Israeli settlers take over Palestinian building in East Jerusalem neighborhood

03:00 Dec 30 2016 Silwan

Israeli settlers take over Palestinian building in East Jerusalem neighborhood
JERUSALEM (Ma'an) -- Israeli settlers raided the Wadi Hilweh area of Silwan in occupied East Jerusalem after midnight Friday morning and took over a Palestinian-owned residential building there, allegedly for the purposes of the Elad settlement group.

According to eyewitness accounts documented by local organization the Wadi Hilweh Information Center, approximately 20 Israeli settlers escorted by masked Israeli special forces raided the building while its residents were not inside.

Israeli settlers blocked off the al-Fakhouri area of the neighborhood with a truck, preventing people from approaching, and took control of the building, which is located less than a hundred meters south of the Old City's walls and the Al-Aqsa Mosque compound.

The center said that the building has changed ownership between three Palestinian families over the years -- the Abu Irmeileh, Maswadeh, and al-Rajabi families -- and that several other families rented space in the building, which consists of two 16-square meter space floors.

They added that a Palestinian woman changed the locks to the building on Thursday, and that late Thursday night, Israeli settlers raided Wadi Hilweh to install surveillance cameras at the entrance of the neighborhood.

When asked about the involvement of Israeli forces in the raid, Israeli police spokesperson Micky Rosenfeld questioned the validity of the reports, telling Ma'an that Wadi Hilweh Information Center’s claims that Palestinian property had been taken over by settlers were “not serious” and “irrelevant.”

A spokesperson for Israel’s Jerusalem municipality could not be immediately reached for comment on the case, or whether ownership of the building had been transferred to Elad.

The right-wing Elad group is a strong force in the Israeli settler movement in East Jerusalem, leading a takeover of 25 buildings in the neighborhood of Silwan last year, which constituted the largest incursion of Israeli settlers into a Palestinian neighborhood in the past 20 years, according to the the Applied Research Institute Jerusalem (ARIJ).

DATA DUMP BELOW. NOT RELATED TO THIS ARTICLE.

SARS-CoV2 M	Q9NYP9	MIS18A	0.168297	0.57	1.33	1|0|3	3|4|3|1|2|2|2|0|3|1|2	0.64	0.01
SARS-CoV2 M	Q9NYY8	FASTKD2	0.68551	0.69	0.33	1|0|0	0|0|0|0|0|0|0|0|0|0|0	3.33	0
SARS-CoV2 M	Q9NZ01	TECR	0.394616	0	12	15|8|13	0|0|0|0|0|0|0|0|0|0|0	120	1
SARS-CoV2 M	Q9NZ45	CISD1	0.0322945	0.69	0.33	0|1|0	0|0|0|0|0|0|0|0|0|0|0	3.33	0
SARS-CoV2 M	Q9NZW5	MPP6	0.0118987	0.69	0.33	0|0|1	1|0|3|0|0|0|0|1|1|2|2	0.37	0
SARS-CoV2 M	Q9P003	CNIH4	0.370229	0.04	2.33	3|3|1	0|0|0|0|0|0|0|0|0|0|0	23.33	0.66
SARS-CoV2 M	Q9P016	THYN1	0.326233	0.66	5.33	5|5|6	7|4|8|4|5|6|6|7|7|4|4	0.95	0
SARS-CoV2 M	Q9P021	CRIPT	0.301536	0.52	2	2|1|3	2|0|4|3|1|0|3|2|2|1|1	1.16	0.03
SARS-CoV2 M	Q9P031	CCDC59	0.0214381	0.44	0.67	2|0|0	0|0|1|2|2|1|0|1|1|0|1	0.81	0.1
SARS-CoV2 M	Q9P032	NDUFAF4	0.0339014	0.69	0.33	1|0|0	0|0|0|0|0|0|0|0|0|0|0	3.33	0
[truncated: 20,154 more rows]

Also known as the Ir David Foundation, Elad aims to "rediscover and preserve the Biblical city of David," in an effort to connect Jews to their Biblical roots through tourism, archaeological excavation, and "Judaizing Jerusalem" by buying out homes in Palestinian majority neighborhoods.

In March, an Israeli building council approved plans for Elad's Kedem project, despite over a decade of appeals against the move by Palestinian residents and Israeli rights organizations.

The Wadi Hilweh Information Center and members of the Silwan community condemned the move, saying they feared the plan’s approval would set a precedent for approvals on all future settlement projects in Silwan.

PLO Executive Committee member Hanan Ashrawi said the approval of the plan was a clear sign that Israel was "deliberately isolating Jerusalem from its Palestinian environs and indigenous people and transforming it into an exclusively Jewish city."

The Kedem project is expected to cover some 9,000 square meters of land that was confiscated by Israeli authorities following the occupation of East Jerusalem in 1967, and has served parking lot since.
There are an upwards of 300,000 Israeli settlers residing in East Jerusalem, with at least 500 living in Silwan among a population of 45,000 Palestinians.

Meanwhile, Jerusalem's city planning commission approved a plan to build a three-story building for Jewish settlers in the heart of Silwan on Wednesday, introduced by the Israeli pro-settlement nonprofit organization Ateret Cohanim -- the same day the Jerusalem municipality demolished Palestinian-owned structures in the neighborhood.

While Elad spearheads settlement activities in Silwan adjacent to the Old City’s southern edge, Ateret Cohanim has a similar mandate to “Judaize” Silwan in the center of the densely-populated neighborhood.

The plan will permit Ateret Cohanim to construct a new building located near the site of controversial Beit Yonatan, which was sold to Ateret Cohanim by the custodian of absentee properties, without a tender.

The presence of Israeli settlers in occupied Palestinian territory is considered illegal under international law according to the Fourth Geneva Convention, a fact that was reaffirmed in a UN Security Council resolution condemning Israel’s settlement policy that was passed this week.
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